Organisational Data Metabolism

Organisational Data Metabolism

Data metabolism is a conceptual framework for thinking about the types of Data that an organisation ingests and acts upon.

The concept is drawn from the Studio D publication Sustainable Data, the uses the analogy of data-as-sustenance for an organisation. In the same way that a person’s food intake impacts their longitudinal health, an organisational data-diet impacts the health of an organisation. It recognises that as much as we understand how fast- and heavily processed foods (and their data equivalents) deliver short-term wants that these aren’t necessary healthy for long term needs.

For example, the condensing of data into an analytics dashboard makes it relatively easy to consume, but the reasoning behind why the dashboard was created and the organisational processes that it led are based on reasons that are not longer relevant or understood.


Organisational Data Metabolism


FIGURE 1. Organisational Data Metabolism

This framework can be used to explore questions such as:

  • “how does our organisation’s “Data diet” bias us to certain (often short term) outcomes?”,
  • “what is a healthy mix of Data to draw upon for what we are trying to achieve?”, and
  • "how can I impact my colleagues decision making."

Whilst these questions might seem relatively straightforward for a given task, the framework recognises that longitudinal investments that organisations make in people and processes can lead calcified choices where practitioners are explicitly and implicitly incentivised to not question the status quo, may not have an adequate understanding of why that status quo came into being, and shy away from more suitable alternatives.

The process of “calcification” includes:

  • the inherent nature of the organisation at different stages of its evolution, particularly the shifts that occur as it scales and optimises for efficiency,
  • organisational structures, units and reporting lines,
  • incentives, rewards and admonishments,
  • the language and cultural differences in approaches to Data inherent to business units and teams, and a willingness to step our out comfort zones by engaging with non-traditional types of Data,
  • the defensibility of decisions.

 The term data can be widely interpreted. In a previous article I make the distinction between lowercase “data” that refers to atomistic units of data — such as a raw, unprocessed data from an app or service, or in the case of qual research the first pass of the interview transcript, an unedited video recording or photo. Alternatively, uppercase “Data” is used to encompass other stages in the evolution of understanding including information, knowledge and insight.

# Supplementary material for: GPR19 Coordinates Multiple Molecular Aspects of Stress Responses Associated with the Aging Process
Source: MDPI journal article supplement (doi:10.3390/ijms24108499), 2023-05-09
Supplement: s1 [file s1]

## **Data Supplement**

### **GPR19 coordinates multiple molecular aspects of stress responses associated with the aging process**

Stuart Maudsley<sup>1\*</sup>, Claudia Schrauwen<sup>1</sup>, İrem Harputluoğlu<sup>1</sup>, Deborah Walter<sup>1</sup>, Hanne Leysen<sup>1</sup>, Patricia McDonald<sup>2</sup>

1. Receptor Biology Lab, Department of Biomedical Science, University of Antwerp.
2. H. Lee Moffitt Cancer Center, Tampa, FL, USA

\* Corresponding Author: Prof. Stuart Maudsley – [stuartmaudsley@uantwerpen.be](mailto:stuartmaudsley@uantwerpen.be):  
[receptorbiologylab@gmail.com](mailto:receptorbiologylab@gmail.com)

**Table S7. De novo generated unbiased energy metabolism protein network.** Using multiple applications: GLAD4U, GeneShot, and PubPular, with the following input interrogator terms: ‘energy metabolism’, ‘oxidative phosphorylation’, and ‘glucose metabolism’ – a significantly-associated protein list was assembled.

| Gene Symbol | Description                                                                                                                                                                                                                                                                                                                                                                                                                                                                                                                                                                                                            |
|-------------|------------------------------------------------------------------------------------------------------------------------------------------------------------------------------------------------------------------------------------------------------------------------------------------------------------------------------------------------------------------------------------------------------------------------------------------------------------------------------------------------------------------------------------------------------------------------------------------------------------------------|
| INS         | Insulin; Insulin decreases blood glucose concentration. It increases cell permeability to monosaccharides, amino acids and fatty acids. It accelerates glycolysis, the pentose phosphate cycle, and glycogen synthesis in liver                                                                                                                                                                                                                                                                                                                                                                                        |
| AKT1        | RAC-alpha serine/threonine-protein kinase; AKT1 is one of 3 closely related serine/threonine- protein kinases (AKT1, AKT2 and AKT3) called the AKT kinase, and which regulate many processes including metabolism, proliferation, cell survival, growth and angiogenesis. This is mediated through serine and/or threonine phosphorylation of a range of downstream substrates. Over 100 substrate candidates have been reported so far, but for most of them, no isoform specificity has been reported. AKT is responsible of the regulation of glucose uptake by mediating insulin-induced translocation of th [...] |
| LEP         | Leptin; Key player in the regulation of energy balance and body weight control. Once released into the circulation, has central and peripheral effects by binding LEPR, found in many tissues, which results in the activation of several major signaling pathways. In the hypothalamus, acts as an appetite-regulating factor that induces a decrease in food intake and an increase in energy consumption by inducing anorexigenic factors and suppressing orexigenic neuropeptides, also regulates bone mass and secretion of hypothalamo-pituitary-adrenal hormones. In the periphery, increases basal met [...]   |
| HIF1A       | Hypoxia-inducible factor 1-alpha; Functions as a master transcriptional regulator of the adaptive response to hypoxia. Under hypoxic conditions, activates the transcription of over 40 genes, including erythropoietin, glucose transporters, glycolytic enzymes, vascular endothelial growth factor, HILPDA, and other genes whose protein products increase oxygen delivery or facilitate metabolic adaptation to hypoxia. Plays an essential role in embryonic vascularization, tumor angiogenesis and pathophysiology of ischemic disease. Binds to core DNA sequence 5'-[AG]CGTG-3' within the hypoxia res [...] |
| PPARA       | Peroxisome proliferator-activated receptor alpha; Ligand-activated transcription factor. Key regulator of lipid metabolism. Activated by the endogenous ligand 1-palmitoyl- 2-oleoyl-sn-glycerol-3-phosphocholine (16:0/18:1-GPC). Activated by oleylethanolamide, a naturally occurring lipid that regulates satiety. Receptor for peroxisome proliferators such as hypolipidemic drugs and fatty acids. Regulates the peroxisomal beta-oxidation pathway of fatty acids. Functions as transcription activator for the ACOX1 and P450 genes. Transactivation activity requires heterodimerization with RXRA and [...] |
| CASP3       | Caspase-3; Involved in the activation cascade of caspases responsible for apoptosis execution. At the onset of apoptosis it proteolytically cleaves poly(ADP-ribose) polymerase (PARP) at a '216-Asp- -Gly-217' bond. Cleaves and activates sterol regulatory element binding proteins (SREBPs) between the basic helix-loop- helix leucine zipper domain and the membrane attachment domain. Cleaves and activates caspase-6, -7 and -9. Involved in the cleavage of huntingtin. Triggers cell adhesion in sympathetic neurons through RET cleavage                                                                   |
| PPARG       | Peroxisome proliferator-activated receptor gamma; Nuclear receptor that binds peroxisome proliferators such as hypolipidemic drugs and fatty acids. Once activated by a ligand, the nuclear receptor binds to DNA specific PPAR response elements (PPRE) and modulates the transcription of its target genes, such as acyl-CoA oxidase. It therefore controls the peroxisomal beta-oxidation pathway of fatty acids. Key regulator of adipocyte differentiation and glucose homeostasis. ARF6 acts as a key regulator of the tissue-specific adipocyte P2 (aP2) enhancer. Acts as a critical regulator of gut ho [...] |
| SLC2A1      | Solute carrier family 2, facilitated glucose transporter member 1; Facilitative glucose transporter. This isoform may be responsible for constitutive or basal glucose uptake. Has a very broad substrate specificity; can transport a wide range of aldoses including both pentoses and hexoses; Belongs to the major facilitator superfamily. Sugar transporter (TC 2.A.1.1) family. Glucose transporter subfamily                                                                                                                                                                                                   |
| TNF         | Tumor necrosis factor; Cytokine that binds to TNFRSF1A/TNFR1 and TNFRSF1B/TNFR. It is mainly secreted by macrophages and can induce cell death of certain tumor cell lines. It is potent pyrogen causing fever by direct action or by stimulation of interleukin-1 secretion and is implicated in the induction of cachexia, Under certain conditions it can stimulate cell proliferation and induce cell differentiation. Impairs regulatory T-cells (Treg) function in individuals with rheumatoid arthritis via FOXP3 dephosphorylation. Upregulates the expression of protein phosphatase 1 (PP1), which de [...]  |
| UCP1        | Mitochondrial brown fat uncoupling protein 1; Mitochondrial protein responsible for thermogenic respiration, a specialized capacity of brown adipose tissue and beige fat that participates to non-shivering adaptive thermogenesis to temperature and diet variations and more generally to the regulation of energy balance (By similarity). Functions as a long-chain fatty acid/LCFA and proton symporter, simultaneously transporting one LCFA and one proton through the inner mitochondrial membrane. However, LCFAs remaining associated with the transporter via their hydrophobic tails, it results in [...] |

One way of thinking about the differences between qual and quant data is that:

  • quant measures the known world i.e. things that are considered “measurable” whereas,
  • qual data probes the unknown such as understanding the “why” behind behaviours, reframing assumptions, or generating a list of caveats to that help us more effectively parse analytics.

Whilst quant data is widely engrained across business units, qualitatively sourced data is typically limited to design, product, brand, marketing, communications, human resources, and some user research.

What’s next?

I’m interested how advances in AI and computational processing provide new ways to draw value from Data—the subject of my next book on human and organisational sensemaking.

In the following articles I'll be using the impact of AI on photography as a case study, because it is largely siloed in organisations, but at the same time the sharing of photos can be considered a human universal.

Appreciate you putting the word out.


Foot notes

Studio D has just launched our 2024 masterclass line-up which we’ll run in May, with early bird tickets now available. It includes a new session focussed on Photography in the Paradigm Shift to help sensemaking practitioners navigate the threats and opportunities from AI. It might seem a niche topic, but the lessons learned apply to all types of Data.


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Photo: street food, Shanghai.

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